Sukhmani Padda, MD, assistant professor of medicine, Stanford University Medical Center, member, Stanford Cancer Institute, discusses therapy beyond osimertinib in the treatment of patients with EGFR-positive non–small cell lung cancer.
Sukhmani Padda, MD, assistant professor of medicine, Stanford University Medical Center, member, Stanford Cancer Institute, discusses the need for approaches to treatment for patients with EGFR-positive non—small cell lung cancer (NSCLC) who have developed resistance to frontline osimertinib (Tagrisso).
The third-generation EGFR TKI osimertinib has emerged as the standard frontline therapy for this patient population, based on encouraging data from the FLAURA study. Thoracic oncologists are also impressed by the unprecedented central nervous system penetration seen with osimertinib. However, the next challenge for research is deciding what to do when patients progress on this targeted therapy.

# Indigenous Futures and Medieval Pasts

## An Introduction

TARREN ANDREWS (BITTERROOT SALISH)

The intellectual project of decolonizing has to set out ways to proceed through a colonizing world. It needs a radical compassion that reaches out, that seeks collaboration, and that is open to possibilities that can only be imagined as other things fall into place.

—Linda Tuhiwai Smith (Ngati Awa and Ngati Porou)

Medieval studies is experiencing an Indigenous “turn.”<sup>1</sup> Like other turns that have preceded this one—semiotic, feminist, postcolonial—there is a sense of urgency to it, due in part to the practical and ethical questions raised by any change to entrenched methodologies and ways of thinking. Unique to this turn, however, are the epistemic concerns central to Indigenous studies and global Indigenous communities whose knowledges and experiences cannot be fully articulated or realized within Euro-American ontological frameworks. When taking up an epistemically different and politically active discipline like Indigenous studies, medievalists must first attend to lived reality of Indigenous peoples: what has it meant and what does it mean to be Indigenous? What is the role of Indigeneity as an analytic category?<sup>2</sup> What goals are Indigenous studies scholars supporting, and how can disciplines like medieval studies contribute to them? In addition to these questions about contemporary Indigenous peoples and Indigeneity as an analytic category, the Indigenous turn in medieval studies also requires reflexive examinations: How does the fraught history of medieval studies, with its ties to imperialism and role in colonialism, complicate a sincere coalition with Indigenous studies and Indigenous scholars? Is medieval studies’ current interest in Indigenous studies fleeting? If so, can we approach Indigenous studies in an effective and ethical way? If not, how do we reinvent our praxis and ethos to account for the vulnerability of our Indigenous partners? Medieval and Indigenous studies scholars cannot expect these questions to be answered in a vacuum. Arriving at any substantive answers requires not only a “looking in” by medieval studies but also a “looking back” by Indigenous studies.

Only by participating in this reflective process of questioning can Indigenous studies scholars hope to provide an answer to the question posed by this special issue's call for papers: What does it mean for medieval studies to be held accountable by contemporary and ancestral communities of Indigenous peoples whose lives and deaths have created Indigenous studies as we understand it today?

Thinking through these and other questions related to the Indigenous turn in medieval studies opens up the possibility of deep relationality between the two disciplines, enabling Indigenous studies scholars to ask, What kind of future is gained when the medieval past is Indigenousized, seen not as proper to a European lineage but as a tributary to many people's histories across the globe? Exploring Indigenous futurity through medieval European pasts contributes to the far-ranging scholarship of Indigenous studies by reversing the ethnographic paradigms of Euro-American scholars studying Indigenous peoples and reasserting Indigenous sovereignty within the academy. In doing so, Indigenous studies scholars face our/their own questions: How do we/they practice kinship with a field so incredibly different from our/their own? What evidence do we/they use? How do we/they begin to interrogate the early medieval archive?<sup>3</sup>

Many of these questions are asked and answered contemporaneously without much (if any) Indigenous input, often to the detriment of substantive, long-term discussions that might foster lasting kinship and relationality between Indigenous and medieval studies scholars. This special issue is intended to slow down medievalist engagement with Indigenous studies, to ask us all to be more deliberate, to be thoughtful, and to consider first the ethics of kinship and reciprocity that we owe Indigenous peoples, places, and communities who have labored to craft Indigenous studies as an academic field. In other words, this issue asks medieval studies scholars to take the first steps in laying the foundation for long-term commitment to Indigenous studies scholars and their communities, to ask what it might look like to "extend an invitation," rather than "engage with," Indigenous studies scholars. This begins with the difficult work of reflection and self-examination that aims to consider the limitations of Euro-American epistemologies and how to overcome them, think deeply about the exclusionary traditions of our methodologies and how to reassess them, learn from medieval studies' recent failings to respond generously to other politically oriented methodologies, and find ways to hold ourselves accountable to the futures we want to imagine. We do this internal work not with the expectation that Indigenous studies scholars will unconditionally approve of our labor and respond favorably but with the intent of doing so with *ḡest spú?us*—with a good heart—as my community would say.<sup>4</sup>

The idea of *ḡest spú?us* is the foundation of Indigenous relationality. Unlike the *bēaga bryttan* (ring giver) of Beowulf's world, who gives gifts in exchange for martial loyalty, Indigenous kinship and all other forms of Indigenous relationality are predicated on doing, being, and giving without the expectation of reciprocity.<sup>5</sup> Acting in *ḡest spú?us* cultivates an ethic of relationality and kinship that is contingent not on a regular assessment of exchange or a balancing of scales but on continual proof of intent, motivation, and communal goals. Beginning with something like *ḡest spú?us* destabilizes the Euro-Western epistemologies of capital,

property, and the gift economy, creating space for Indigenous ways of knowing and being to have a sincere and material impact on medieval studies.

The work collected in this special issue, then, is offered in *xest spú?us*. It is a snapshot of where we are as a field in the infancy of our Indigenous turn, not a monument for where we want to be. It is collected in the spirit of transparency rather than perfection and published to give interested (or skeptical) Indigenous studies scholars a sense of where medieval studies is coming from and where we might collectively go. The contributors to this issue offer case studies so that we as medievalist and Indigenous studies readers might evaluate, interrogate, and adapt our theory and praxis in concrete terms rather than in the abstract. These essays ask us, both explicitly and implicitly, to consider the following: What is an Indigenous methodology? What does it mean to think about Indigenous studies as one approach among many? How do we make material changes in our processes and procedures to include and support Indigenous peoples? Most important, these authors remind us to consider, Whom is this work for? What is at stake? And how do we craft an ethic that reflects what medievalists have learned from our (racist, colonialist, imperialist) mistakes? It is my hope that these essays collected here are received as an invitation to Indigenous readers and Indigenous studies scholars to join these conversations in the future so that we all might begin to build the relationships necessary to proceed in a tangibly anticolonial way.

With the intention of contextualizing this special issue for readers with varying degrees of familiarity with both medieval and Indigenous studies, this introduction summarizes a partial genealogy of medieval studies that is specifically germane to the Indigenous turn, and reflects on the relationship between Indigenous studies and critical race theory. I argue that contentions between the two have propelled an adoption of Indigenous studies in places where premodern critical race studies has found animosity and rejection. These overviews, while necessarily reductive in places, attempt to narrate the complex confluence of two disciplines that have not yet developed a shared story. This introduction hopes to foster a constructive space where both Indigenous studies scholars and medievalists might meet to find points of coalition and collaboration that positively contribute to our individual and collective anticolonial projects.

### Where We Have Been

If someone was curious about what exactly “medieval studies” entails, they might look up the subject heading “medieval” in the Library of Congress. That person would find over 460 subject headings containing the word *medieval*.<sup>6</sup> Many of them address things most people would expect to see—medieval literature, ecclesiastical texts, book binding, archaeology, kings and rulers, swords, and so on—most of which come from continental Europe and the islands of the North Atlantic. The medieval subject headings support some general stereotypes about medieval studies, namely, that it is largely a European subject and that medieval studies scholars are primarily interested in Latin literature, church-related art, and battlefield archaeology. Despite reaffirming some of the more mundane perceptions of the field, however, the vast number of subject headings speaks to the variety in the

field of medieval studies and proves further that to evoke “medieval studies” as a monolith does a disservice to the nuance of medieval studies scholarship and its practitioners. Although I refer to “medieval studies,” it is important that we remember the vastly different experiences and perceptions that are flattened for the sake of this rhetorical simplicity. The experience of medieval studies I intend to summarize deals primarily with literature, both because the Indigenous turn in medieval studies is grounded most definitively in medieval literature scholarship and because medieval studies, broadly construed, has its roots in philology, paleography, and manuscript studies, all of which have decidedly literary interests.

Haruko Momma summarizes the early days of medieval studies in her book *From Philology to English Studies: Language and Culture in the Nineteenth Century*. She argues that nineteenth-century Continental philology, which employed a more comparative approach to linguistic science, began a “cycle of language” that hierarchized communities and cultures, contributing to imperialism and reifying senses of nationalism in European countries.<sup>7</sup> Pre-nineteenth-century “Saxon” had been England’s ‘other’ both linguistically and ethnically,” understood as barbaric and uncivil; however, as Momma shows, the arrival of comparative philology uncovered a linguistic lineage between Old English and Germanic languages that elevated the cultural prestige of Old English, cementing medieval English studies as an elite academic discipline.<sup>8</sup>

There were data recently presented at the 2018 ESMO Congress, Padda says, which showed that there are 2 acquired mechanisms of resistance that patients develop. C797S, the most common, prevents the binding of osimertinib to the disease, and MET amplification is also seen. The biggest hurdle with these mechanisms, she explains, is that they are very heterogeneous and tend to happen concurrently. With progression on first- and second-generation TKIs, patients would usually develop a dominant resistant mechanism that could be treated as a second driver mutation.
Currently, when a patient progresses on frontline osimertinib, physicians have to rely on platinum doublet chemotherapy. However, there are several ongoing studies looking at more effective combinatory approaches.